Obstacles to immigrants like ethnic and religious stereotyping continue to thrive in Canada, says a prominent Canadian journalist.
Journalist and director of UBC's School of Journalism, Kamal al-Solaylee, speaking during the fifth and final instalment of the five-part conversation series of SFU’s Onstage Conversations, hosted by Simon Fraser University scholar Amyn B. Sajoo, explored the role of race and meaning of “home” in a diversifying world.
The author of Brown, Al-Solaylee spotlighted the constant suspicion of “brown” Muslims in a post-9/11 world as lines blur between migrants, who move out of desperation, and immigrants, who relocate to find better lives.
“Those of us who are Muslim, live under constant suspicion for the religion we follow,” he said. Although there are Muslims from different parts of the world, including Europe and Yugoslavia, mainstream media has been complicit in painting a picture of terrorists as brown-skinned Muslims, he said.
He added that the intersection of race, ethnicity and gender has promoted stereotypes such as the association of brown people with transient labour and domestic workers from the Philippines and Indonesia.
“It’s hard not to think of the grand South Asian worker, without considering the thousands of construction workers from Nepal, Sri Lanka, and Bangladesh, whose blood and sweat [helped build] virtually every building — high or lowrise — in Dubai and Qatar,” he said.
“It is in Dubai too, that middle-class immigrants from the Middle East and the South Asian subcontinent have for decades kept the schools banks, hospitals, hotels, food courts and malls running without ever being afforded the benefits of citizenship.”
The stereotyping exists worldwide and Canada is no exception, he said. In this country, immigrant doctors are seen driving cabs and engineers working in factories. It is largely due to a gap existing between Canada’s immigration policies and where the labour market is, he added.
“I think this is a bigger conversation about recognition of qualifications from abroad, for example. I live in a building where the doorman was a classical musician, for example, this in Toronto. And I think something needs to be done fast. To recognize the qualifications from overseas universities. A lot of that is racism as well, like it's perceived that university in Pakistan, or in Nepal would not be good,” he said.
“If you believe it will not be the same good quality education, then create some kind of fast-track program where you could retrain people to Canadian standards.”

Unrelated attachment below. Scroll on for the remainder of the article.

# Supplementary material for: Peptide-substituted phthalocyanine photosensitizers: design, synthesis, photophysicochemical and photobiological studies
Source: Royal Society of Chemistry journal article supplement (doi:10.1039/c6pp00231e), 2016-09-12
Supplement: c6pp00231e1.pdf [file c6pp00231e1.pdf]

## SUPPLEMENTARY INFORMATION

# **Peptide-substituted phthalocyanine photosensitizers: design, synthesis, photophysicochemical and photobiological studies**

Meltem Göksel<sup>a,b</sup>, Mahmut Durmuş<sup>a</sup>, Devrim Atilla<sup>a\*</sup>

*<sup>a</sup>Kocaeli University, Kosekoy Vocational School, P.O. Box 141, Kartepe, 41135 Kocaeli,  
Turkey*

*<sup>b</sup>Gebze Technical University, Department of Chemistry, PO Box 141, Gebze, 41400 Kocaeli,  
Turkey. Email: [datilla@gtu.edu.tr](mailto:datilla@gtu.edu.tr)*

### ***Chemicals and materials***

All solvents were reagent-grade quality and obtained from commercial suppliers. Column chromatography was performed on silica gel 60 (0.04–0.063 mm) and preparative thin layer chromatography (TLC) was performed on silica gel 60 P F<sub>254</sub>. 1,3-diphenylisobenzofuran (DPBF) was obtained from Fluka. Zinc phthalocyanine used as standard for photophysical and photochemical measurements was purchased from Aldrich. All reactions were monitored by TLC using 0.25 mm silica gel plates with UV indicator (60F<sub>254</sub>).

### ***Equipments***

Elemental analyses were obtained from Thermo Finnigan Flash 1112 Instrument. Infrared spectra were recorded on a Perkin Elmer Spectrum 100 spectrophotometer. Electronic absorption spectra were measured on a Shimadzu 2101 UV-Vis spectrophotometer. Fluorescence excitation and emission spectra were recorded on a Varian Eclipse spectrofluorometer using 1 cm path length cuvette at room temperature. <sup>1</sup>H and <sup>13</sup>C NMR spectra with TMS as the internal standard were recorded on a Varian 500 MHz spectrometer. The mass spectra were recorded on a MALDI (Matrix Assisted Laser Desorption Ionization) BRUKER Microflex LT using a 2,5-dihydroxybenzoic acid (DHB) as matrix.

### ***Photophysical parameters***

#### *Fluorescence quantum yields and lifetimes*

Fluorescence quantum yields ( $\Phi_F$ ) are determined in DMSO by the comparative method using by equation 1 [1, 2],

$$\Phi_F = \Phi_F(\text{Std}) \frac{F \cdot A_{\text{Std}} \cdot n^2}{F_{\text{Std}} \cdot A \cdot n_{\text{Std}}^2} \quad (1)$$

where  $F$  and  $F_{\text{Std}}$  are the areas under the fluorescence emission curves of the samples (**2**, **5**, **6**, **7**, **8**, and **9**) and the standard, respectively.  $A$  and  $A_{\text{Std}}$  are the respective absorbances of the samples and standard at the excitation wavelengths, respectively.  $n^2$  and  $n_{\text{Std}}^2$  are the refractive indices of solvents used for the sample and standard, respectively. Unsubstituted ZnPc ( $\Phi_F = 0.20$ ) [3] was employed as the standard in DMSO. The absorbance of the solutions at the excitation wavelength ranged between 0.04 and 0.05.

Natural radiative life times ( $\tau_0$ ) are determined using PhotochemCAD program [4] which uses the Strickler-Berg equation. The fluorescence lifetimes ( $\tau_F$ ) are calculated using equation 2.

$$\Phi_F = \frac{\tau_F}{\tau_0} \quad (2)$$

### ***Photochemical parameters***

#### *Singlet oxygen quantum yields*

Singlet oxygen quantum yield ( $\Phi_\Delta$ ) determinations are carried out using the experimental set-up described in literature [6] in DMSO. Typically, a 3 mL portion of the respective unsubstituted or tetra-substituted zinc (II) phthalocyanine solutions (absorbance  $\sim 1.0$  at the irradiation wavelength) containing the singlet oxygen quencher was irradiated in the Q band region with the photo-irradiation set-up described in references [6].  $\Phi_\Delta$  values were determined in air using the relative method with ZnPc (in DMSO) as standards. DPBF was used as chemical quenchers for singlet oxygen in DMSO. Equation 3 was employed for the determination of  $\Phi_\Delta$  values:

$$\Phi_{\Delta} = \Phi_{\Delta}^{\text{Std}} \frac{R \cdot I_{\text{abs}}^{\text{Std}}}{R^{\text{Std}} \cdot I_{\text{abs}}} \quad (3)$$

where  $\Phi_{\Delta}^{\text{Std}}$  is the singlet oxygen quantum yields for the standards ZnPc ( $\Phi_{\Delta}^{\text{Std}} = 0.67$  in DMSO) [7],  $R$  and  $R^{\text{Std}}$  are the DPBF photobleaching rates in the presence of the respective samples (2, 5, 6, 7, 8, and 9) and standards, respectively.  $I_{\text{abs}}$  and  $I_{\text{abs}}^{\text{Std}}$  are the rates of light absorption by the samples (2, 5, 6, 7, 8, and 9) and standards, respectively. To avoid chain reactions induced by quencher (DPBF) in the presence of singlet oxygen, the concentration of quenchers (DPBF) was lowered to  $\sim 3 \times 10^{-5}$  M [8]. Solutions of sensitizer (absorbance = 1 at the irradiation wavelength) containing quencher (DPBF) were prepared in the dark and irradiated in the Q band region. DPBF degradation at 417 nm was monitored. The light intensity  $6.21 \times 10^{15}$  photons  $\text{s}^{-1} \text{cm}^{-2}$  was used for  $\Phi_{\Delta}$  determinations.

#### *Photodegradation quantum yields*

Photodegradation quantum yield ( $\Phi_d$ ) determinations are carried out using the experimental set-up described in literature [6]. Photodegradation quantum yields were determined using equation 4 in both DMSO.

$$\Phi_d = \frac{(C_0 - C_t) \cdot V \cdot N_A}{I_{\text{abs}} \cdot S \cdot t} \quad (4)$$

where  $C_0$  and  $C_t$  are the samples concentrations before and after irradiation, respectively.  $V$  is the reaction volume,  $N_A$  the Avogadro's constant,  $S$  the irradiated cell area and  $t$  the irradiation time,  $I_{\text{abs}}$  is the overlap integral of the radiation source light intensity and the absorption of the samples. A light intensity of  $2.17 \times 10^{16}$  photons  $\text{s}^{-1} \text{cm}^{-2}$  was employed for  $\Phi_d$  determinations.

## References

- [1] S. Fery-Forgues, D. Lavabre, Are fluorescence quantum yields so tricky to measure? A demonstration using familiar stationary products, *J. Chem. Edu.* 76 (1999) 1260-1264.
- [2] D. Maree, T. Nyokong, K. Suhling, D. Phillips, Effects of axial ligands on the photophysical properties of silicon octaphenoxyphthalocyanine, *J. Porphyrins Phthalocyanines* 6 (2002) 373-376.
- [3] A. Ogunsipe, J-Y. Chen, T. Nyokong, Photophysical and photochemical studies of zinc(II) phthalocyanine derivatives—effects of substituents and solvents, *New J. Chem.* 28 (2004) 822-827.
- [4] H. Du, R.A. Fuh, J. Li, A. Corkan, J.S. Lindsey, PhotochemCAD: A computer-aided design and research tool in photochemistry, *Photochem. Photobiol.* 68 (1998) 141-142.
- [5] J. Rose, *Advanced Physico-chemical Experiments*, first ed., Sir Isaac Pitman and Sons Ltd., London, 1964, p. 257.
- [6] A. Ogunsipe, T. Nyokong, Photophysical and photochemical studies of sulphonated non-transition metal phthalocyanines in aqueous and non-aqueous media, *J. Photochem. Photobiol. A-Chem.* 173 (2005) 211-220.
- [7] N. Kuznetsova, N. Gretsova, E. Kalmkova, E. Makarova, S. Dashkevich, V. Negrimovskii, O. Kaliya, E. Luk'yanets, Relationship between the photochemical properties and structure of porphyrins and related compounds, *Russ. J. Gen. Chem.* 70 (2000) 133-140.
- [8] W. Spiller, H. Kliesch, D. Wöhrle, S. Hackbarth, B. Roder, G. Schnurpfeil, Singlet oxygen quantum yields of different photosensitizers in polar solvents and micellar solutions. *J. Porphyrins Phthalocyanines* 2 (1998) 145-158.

Al-Solaylee said it must be recognized that the path to career progress for new immigrants is being hampered by a professional societies or special interest groups, leading to overworked, exploited immigrants without a pathway for citizenship.
He believes that “race infiltrates every aspect of an experience,” and hopes there will be continued serious discussion about race and belonging in Canada. It all starts with reclaiming the term “brown” as “self-identity," he said.
“If you're a Black Canadian, and you say, I'm a proud Black Canadian, does that marginalize Black communities? I don't think it does,” he said.
“If you’re an Irish-Canadian, and you say, I am proud of my Irish roots and my Irishness, does that make you less Canadian? But why is it that we when people are saying I'm brown or I'm Muslim or Indian or Pakistani that we kind of feel, you may not be quite as Canadian.”
“I think as I write in the book is because a lot of other young people from European background, Southern European background who came here in the 19th century, lost that hyphen, Italian-Canadian, Irish-Canadian. That hyphen just became Canadian, but that hyphen is still there for us.”
The hyphen will likely stay, he said, mainly because of the skin colour. “We are always going to be Muslim-Canadian, brown-Canadian, Indian-Canadian, Ismaili-Canadians."
In opening the talk, Sajoo noted, “In modernity, we fit people into our preconceived ideas of citizenship, and belonging.” But he challenged the idea, saying, “Depending on where you are, it's not universal,” he said. “The rules of the game are not uniform you have to fit in.”
Echoing the words of Olivier Roy, the author of Holy Ignorance, Sajoo reminded the audience of the difficulty of trying to fit in, especially in the age of Islamophobia, by pulling up the government statistics for hate crimes in 2021.
“Hate-motivated crimes targeting religion jumped 67 per cent in just two years,” he said. “Those targeting sexual orientation find 64 per cent. And those targeting race or ethnicity, which were already very high, went up another six per cent.”